It was pretty much decided at the beginning, that the new plane needed to replace two platforms, which will always present unique challenges in terms of cost and complexity. The capability for using roads and highways as runways during rapid response, for which the swedes and the Swiss are known today, was an absolute must. The really hard part is incorporating the various existing technologies into as compact a package as possible, and put in as much capability as possible, as cheaply as possible , and while a number of configurations were evaluated, including twin and single layouts, a single engine canard design, was chosen as it offered characteristics more suitable for meeting the STOL requirements because canards offered lift at opposite ends of the aircraft, and because both surfaces generate lift, no tail download is required. Note* Unlike the canard designs of today, like the Typhoon, Rafale, and Gripen, canards were utilized to provide additional lift, but no agility enhancement.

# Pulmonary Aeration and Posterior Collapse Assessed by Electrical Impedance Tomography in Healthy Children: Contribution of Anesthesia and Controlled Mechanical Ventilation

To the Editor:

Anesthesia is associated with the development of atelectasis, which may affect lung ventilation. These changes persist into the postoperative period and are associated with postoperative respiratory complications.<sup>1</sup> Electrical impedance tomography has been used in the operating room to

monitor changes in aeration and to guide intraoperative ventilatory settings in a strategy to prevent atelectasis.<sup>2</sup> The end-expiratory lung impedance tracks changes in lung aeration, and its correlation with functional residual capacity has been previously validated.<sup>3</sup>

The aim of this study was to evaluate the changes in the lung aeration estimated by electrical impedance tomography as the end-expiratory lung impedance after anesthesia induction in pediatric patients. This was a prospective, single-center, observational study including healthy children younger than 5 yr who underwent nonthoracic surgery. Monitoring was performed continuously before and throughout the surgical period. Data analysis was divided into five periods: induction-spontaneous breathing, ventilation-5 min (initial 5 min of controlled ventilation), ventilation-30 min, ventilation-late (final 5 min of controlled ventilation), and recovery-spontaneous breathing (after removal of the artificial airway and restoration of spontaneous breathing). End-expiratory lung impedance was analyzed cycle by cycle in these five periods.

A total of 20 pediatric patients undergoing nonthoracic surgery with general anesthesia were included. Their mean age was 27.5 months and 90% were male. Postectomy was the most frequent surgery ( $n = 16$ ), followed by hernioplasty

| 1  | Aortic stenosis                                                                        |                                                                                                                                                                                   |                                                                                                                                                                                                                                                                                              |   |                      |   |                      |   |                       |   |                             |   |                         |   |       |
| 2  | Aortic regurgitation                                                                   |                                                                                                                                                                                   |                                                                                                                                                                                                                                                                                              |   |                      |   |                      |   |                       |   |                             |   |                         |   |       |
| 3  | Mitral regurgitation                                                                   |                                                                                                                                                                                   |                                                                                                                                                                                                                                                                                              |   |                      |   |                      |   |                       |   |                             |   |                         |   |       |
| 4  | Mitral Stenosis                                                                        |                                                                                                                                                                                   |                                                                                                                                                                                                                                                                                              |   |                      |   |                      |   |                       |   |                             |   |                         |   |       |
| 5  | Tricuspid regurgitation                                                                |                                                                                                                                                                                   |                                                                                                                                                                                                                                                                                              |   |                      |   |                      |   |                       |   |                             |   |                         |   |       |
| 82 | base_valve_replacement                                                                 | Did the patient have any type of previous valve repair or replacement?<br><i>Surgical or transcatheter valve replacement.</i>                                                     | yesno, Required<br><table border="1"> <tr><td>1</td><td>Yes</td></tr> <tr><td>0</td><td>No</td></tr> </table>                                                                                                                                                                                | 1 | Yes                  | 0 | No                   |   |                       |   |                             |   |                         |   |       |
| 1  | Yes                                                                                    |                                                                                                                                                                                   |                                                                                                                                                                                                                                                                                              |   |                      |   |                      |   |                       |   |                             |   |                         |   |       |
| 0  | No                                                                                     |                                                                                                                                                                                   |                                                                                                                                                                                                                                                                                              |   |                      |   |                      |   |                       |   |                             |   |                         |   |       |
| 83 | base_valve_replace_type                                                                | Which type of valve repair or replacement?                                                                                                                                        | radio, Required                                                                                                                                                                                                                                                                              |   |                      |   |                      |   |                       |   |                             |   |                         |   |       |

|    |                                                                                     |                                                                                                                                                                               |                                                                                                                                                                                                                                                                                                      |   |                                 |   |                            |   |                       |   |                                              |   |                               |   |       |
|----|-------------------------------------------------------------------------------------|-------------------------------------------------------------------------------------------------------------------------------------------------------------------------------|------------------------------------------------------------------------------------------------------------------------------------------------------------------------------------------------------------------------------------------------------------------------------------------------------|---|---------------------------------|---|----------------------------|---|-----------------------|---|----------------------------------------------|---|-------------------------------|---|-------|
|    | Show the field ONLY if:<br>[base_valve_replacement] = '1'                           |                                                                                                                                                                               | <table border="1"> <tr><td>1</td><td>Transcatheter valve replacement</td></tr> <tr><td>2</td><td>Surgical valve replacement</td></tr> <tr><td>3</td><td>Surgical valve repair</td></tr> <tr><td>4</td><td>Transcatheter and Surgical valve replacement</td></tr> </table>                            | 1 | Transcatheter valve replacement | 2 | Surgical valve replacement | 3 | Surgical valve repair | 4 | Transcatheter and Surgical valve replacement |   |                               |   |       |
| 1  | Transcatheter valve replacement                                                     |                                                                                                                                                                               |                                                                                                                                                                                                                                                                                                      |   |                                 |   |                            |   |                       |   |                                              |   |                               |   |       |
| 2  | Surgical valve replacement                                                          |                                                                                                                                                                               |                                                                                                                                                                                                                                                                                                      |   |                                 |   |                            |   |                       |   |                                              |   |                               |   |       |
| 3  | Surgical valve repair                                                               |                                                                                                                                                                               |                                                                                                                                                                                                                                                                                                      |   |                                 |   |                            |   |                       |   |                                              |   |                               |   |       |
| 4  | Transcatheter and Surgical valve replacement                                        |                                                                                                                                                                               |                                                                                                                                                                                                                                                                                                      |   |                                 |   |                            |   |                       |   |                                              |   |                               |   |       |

Saab engineers considered a number of powerplants from from various jet engine manufacturers, they decided to mitigate risk as much as possible and selected a licence-built version of the Pratt & Whitney JT8D, with for the exception of an added afterburner, is essentially the same engine that powers MD-80s, B727 & 37s(1st gen,). All those planes besides being airliners had one other thing in common. They needed thrust reversers, to reduce braking distance and so did Viggen and the U.S. built P&W engine had all the needed actuators to make it all work. Built by Volvo’s Flygmotor division under licence, the Volvo RM8A, was the engine of choice. Developing approx. 16,000 lbs/ 72kN dry and 28,100 lbs./125kN wet. of thrust .
“…the airplane handled quite easily.”